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Twisted Spin Waves


In 1851, the French scientist Hippolyte Fizeau carried out an experiment where he measured the speed with which light propagates in pipes filled with flowing water. He observed that the light travelling through the moving medium behaves as if it is dragged along by the medium. The magnitude of the effect could only be satisfactorily explained after Albert Einstein introduced his special theory of relativity. Fizeau’s experiment thus provided important support for special relativity.

A similar effect, but with spin waves in a bi-dimensional electron system has been recently discovered by members of the team Nanostructures and quantum systems of the INSP, in collaboration with theoricians of the University of Missouri and the University of York.

Spin waves are studied since a decade in this team. Generally, spin waves are hosted by insulating ferromagnets. Here, they have been studied in a conducting magnetic bi-dimensional electron system : an electron gas confined in a semi-magnetic quantum well. An important property is the structural asymmetry which provides a coupling between the motion of the electrons and their spin. This spin-orbit coupling arises from special relativity. Hence, in this system, three protagonists interplay : the in-plane free motion, the Coulomb-exchange interaction between electrons which builds the spin waves and the spin-orbit coupling. The later can be described by an effective magnetic field operating in the electron’s reference frame. As each electron is sensitive to its own effective magnetic field only, and as this field depends on the electron momentum’s direction and amplitude, we can anticipate that a spin wave, where electrons precess collectively with a deterministic phase, would be quickly destroyed.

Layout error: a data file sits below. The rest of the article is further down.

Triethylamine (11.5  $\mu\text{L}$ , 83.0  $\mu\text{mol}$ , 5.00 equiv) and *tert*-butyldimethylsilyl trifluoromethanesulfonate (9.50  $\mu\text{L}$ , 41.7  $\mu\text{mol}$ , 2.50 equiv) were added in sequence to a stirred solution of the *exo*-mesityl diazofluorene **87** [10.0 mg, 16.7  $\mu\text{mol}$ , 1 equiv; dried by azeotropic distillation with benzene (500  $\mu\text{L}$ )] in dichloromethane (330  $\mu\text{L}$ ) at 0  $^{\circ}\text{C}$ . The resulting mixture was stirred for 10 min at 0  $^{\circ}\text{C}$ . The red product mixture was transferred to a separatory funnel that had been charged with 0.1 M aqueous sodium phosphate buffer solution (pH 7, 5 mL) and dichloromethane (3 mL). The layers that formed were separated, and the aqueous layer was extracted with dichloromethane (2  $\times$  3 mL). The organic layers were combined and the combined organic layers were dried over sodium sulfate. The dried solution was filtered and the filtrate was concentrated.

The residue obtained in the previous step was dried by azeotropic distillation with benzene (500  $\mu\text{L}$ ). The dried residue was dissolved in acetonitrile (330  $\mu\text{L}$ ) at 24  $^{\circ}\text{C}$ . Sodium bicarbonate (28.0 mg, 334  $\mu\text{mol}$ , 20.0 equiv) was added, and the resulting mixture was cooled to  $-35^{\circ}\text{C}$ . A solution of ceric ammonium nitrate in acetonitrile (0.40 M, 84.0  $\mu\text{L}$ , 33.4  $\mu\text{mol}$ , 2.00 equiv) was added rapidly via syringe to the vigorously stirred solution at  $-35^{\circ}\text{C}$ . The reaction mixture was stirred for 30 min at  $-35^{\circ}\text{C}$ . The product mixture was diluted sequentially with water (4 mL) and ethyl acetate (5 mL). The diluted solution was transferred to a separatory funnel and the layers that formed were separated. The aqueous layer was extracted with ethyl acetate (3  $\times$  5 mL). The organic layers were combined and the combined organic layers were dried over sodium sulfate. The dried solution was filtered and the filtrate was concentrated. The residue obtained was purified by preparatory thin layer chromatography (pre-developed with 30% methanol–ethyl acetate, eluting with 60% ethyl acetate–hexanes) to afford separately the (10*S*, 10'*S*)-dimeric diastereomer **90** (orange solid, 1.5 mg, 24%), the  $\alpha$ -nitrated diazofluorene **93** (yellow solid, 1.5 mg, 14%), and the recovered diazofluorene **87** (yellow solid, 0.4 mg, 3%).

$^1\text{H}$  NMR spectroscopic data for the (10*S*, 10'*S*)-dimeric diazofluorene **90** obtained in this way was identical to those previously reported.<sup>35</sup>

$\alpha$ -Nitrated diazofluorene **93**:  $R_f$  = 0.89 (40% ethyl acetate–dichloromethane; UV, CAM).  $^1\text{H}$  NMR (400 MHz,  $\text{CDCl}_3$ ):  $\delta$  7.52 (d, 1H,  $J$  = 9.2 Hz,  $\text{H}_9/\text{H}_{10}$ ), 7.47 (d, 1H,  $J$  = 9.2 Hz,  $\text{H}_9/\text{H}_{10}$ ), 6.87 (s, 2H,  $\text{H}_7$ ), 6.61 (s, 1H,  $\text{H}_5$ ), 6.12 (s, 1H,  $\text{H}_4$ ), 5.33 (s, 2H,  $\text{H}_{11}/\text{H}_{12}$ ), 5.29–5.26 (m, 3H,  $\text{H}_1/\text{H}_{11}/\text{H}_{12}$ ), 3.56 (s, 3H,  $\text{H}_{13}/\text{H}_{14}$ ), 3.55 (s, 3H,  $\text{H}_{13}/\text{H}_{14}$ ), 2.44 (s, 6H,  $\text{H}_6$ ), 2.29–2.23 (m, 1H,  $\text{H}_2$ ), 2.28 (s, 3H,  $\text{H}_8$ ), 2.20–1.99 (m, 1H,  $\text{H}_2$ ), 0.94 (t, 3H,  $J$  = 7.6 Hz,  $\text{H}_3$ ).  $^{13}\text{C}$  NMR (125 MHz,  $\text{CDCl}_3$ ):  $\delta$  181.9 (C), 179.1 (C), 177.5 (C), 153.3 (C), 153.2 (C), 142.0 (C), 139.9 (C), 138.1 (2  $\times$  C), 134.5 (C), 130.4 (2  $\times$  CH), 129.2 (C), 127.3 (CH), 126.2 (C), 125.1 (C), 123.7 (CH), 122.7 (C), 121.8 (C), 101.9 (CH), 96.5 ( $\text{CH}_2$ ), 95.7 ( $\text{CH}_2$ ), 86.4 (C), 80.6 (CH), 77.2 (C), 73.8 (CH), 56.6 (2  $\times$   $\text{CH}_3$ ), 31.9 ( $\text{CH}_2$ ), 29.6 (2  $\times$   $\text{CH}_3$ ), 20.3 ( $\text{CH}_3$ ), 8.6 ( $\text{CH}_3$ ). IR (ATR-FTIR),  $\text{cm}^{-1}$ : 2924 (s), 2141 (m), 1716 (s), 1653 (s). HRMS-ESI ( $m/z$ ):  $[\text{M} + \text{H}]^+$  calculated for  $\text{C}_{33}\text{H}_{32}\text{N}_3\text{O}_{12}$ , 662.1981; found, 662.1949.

However, this naïve picture does not account for the relativistic origin of the spin-orbit coupling. Indeed, in a magnetic conductor, the spin precession coexists with electron motion, oscillating at the same frequency than the spin wave. The spin-orbit coupling converts this motion into spin-currents, mostly perpendicular to the spin-wave wave-vector. This oscillating spin-current lies in the spin-wave reference frame. Thus, contrary to an oscillating magnetic field which would be applied in the laboratory reference frame, this relative spin currents twist the spin-wave phase and not its frequency. Consequently, the spin-wave propagation direction is modified similarly to the Fizeau’s experiment, except that here, the wave propagates in a moving space which belongs to the spin Hilbert space.

JPEG Figure 1

a. Spin wave without spin-orbit coupling. Top plane : the Raman process probes the spin wave with wave-vector q corresponding to a collective spin precession in the quantum well plane, bottom plane : oscillating motion ot the electron in the momentum space. Fermi circles of majority and minority spins are oppositely shifted.

b. Spin wave with spin-orbit coupling. An oscillating spin-current Jz appears.The later twist the phases parallely to the direction q0, as if the spin wave was propagating in a moving medium (materialized through the blue wave).

This effect has been evidenced by magneto-Raman spectroscopy, an efficient experimental technique to determine the spin-wave dispersion in electron gases.

As the researchers showed, through this ‘twist’ effect it is possible to control the spin wave propagation, making them go forward, backward or sideways. Controlling spin waves is currently a hot topic in spintronics. The spin-wave twist effect thus may open up new and efficient ways of using spin to encode and transmit information at the nanoscale, like, for example, building lenses or routing devices for spin waves. .

« Spin orbit twisted spin waves : group velocity control »
F. Perez, F. Baboux, C. Ullrich. I. D’Amico, G. Vignale, G. Karczewski, T. Wojtowicz
Physical Review Letters, 117, 137204 (2016)

Florent Perez